moment you are unable to save him? Failure is more like this than like
duels and marathons. Everything can be saved, and bad timing pre-
vents it. Every minute, you are answering the question and looking
out the window of the church to see your one great love blinded by
the glare, crossing the street, alone.

Circle of Lorca
-- by Frank Stanford

When you take the lost road
You come to the snow
And when you find the snow
You get down on your hands and knees
Like a sick dog
That’s been eating the grasses of graveyards
For twenty centuries.

When you take the lost road
You find woman
Who has no fear of light
Who can kill two cocks at once
Light which has no fear of cocks
And cocks who can’t call in the snow.

You find lovers who’ve been listening
For the same roosters to sing
For twenty centuries
Roosters that have swallowed stones
Out of each other’s tracks
But have never met
Anywhere on the road.

When you take the lost road
You find the bright feathers of morning
Laid out in proportion to snow and light
And when the snow gets lost on the road
Then the hot wind might blow from the south
And there is sadness in bed for twenty centuries
And everyone is chewing the grass on the graves again.

When you get lost
You come to the moon in the field
The light all lovers soil
The sheet no one leaves clean
The light cocks are afraid to cross
The same moon woman danced under
For twenty centuries
With blood on her face.

When you get lost on the road
You run into the dead
Who have broken down stones
In their throats for twenty centuries
I saw two little crazy boys crying
Because it was morning
And when morning comes it comes
In the morning and never at night.

I saw two security police taking out a man’s balls
And I saw two little crazy boys
Crying by the road who wouldn’t go away
But two has never been a number
Because it’s only legal to pass one at a time
It’s only a drum you can carry but you can’t beat
It’s the evidence they need to make you disappear.

June 13, 2011

you may be sweet and nice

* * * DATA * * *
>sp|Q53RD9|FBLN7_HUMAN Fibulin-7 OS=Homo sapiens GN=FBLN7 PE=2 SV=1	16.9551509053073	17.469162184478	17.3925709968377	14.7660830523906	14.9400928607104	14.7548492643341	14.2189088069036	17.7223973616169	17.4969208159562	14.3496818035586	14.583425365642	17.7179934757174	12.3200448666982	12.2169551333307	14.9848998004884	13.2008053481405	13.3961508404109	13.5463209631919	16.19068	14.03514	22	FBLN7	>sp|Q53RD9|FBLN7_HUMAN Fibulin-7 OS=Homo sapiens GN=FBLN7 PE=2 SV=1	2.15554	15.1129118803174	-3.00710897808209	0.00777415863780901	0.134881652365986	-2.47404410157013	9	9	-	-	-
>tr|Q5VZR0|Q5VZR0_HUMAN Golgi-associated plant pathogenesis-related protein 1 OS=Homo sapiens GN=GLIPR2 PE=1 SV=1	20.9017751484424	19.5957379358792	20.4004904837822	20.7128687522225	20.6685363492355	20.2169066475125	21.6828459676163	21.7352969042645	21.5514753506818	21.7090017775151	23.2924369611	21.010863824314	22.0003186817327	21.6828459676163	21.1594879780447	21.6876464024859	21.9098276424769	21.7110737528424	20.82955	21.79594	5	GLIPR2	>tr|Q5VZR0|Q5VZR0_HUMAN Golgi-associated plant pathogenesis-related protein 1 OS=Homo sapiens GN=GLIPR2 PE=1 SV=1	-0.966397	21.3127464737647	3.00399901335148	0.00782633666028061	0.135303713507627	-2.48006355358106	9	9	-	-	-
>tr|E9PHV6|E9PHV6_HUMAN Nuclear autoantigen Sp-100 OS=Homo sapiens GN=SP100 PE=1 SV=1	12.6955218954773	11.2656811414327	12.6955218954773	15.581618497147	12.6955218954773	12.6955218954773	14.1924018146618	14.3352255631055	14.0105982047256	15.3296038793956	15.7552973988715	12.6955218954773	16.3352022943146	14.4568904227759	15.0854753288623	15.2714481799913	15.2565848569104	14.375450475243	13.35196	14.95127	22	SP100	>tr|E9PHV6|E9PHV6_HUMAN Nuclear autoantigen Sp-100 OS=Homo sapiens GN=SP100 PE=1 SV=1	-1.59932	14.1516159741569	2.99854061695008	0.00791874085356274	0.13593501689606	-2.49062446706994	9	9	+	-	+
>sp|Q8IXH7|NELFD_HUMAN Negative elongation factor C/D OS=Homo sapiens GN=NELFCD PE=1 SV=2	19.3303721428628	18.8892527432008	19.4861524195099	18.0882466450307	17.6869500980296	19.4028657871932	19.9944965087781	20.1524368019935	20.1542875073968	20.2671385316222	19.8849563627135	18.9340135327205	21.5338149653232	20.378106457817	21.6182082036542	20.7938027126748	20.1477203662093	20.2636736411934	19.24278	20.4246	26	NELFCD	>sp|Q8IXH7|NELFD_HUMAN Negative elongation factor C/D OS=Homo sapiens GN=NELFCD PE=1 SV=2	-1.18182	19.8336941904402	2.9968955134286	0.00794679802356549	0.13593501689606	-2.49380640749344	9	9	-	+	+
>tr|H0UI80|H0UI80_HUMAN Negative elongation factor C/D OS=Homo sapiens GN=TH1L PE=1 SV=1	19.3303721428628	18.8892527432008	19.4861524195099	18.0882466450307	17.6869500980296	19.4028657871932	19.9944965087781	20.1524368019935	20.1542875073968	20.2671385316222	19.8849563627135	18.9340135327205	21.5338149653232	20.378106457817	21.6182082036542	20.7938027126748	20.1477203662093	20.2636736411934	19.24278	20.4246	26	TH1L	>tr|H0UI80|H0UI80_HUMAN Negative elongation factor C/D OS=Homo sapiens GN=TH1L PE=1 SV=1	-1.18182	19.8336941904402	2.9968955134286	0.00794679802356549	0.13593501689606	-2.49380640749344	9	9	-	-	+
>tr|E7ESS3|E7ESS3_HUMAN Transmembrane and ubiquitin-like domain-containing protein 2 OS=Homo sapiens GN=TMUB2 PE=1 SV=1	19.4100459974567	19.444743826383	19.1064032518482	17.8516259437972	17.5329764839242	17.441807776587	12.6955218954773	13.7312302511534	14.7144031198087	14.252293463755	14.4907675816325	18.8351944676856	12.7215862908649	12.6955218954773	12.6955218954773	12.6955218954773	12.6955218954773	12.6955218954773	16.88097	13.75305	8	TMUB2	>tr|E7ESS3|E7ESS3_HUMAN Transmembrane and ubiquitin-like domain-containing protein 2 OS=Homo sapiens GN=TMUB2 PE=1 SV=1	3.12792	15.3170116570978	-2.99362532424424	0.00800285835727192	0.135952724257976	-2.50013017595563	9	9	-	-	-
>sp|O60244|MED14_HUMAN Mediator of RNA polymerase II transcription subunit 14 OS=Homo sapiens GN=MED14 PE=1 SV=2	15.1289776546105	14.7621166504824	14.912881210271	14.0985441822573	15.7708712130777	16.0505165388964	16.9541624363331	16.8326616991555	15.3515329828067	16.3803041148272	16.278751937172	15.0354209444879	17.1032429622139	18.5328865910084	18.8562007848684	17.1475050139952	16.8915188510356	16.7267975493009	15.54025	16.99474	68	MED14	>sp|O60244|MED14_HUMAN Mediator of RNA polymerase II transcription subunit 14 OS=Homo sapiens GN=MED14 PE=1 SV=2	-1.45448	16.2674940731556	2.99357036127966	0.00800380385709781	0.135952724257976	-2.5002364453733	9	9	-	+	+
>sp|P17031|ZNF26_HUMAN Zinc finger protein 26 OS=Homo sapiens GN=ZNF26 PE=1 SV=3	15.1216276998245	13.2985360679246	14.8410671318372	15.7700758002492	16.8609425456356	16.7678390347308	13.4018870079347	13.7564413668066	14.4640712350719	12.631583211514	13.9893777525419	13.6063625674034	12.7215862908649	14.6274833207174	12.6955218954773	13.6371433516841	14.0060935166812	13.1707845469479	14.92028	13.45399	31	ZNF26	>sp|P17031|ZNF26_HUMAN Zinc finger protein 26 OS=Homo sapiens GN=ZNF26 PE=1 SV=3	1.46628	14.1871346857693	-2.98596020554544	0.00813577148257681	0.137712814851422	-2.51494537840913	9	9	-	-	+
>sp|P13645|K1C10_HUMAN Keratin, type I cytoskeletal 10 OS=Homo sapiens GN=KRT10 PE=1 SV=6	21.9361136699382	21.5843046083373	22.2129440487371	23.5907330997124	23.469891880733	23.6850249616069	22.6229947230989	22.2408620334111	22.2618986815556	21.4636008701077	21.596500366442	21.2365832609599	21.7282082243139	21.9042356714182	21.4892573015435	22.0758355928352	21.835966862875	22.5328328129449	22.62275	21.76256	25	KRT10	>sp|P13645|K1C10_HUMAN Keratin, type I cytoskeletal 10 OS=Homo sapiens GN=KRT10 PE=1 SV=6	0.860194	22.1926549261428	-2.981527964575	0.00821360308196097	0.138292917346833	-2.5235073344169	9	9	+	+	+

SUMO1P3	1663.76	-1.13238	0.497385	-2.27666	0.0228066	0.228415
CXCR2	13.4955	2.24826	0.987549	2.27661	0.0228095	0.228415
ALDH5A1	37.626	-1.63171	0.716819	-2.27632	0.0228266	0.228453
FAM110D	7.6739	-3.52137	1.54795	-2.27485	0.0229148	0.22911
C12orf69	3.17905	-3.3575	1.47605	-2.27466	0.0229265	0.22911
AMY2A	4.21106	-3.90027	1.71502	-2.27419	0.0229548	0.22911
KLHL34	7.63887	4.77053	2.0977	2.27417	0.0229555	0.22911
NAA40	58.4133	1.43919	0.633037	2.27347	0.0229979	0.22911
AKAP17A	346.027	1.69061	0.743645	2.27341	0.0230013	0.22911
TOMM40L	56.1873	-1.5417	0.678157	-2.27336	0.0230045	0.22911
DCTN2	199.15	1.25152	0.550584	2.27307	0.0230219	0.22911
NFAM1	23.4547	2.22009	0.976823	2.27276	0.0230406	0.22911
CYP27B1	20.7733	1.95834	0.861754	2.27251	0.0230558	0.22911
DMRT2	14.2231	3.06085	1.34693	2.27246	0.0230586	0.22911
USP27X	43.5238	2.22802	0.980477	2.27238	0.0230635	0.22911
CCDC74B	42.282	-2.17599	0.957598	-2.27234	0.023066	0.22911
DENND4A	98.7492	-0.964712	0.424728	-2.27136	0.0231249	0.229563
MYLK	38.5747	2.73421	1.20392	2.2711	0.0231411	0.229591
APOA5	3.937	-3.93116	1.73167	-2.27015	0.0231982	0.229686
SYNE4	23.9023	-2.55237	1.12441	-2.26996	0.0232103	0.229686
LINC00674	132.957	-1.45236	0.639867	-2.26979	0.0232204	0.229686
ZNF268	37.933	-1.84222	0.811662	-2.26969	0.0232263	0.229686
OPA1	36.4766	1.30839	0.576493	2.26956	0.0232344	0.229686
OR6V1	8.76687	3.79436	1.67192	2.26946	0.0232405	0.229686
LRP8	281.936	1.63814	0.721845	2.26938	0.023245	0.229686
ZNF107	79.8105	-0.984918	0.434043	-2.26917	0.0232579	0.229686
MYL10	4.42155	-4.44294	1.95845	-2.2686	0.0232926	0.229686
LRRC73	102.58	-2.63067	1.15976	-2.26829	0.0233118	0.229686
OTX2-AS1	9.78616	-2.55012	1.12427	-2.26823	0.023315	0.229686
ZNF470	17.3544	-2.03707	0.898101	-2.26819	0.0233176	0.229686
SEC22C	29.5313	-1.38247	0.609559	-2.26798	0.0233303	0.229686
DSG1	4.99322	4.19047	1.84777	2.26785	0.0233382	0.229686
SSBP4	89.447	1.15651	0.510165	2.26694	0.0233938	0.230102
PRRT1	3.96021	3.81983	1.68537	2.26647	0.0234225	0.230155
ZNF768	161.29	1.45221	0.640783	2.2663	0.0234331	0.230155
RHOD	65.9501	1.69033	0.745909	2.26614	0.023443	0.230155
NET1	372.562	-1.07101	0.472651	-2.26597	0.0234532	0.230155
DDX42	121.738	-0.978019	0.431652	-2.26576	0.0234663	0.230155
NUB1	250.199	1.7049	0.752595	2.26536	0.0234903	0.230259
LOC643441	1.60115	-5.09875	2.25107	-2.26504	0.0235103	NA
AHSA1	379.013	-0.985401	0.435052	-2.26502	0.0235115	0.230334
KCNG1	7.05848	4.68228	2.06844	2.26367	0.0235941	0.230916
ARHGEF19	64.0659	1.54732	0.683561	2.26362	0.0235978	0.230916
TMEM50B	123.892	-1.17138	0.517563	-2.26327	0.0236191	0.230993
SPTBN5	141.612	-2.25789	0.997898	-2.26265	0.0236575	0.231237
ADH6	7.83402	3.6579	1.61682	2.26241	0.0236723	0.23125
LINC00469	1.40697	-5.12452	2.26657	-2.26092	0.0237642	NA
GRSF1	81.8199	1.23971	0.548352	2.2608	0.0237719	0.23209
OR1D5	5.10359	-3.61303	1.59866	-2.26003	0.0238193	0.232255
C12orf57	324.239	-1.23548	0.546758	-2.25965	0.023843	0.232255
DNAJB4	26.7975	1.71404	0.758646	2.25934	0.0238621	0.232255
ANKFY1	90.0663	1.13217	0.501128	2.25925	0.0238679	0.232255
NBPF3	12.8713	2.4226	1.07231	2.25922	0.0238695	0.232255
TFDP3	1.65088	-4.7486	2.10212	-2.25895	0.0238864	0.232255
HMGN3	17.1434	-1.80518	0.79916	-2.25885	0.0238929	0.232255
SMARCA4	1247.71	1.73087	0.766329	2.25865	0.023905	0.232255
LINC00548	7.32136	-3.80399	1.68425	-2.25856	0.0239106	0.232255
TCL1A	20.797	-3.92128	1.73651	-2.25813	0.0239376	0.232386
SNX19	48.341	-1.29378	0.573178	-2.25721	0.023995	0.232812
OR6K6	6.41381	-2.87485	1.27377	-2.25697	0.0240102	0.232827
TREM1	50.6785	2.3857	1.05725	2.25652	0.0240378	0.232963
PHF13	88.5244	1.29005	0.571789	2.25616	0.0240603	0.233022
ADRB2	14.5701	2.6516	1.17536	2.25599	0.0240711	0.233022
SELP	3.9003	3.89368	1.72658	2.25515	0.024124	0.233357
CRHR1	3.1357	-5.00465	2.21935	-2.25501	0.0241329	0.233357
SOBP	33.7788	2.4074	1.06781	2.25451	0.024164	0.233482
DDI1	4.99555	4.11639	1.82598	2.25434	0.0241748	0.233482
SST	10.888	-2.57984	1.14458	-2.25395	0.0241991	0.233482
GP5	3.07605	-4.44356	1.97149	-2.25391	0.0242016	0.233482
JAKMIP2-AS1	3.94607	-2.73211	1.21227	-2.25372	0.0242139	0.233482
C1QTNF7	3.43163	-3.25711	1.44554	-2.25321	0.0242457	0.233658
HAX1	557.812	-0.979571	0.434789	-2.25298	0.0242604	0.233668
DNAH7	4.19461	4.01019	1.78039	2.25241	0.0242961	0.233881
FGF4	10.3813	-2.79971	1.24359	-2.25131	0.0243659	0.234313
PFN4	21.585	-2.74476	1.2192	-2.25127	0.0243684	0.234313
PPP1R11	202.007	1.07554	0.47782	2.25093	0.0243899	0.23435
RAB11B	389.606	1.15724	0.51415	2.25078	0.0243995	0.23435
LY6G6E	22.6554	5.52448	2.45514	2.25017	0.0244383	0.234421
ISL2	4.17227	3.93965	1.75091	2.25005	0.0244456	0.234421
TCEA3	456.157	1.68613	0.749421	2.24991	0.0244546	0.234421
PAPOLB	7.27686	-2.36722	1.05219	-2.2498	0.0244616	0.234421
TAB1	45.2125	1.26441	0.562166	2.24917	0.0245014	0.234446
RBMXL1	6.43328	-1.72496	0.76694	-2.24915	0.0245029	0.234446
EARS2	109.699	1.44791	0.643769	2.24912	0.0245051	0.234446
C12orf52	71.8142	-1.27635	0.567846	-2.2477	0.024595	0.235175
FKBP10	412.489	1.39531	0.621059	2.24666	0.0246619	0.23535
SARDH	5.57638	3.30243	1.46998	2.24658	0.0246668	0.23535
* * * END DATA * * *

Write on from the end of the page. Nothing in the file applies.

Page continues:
but that won't keep you warm at night

Chris Martin, Here Comes the Sun, 2007

* From Harper's July 2011:

-- Number of public statues of individuals in the United States: 5,193

-- Number that depict women: 394

-- Minimum percentage of U.S. electricity that is consumed by marijuana growers: 1

-- Value of currency eaten by termites at a bank in Uttar Pradesh, India, in April: $221,900

-- Amount spent on lobbying (in the U.S.) in 200O: $1,600,000,000

-- In 2010: $3,500,000,000

* Check out the most beautiful libraries in the United States.

* Photographs of famous people and their records.

* "Every man dies. Not every man really lives." -- William Wallace

June 8, 2011

Sometimes, I feel I gotta get away

Dan Tague, The Kids Are Alright, 2011

The American Dream
-- by Robert Creeley

Edges and disjuncts, shattered, bitter planes,
a wedge of disconsolate memories to echo fame,
fear of the past, a future still to blame--
Multiple heavens, hells, nothing is straight.
You earn your money, then you wait
for so-called life to see that you get paid.

Tilt! Again it's all gone wrong.
This is a heartless, hopeless song.
This is an empty, useless song.

The Face of Love
-- by Frank Stanford

he has one of them
like a very famous
her mother was good looking
and drove a convertible
her father a drunk
they invited me to their home
several times
they went over my shoes
looked at my pistols
they had lovely affairs there
the grandmother
was hard of hearing
and wore a disfigured cameo
she told of days gone
when she rode an Arabian to the Landing
to meet the boat
there would he books and cologne from Paris
material and perhaps a piano
and no counts from New Orleans
as the story goes she married one
it turned out this way
and the legend continues
blood and starlight in the river
African violets and capes
Chopin and back roads
and her granddaughter was just like him
silent and cruel
always taking her beauty rest
and her best friend's

-- by Gregory Corso

is Life
It flows thru
the death of me
like a river
of becoming
the sea

June 6, 2011

be quiet
the weather's on the night news

Carol Lee Chase, Luster, 2001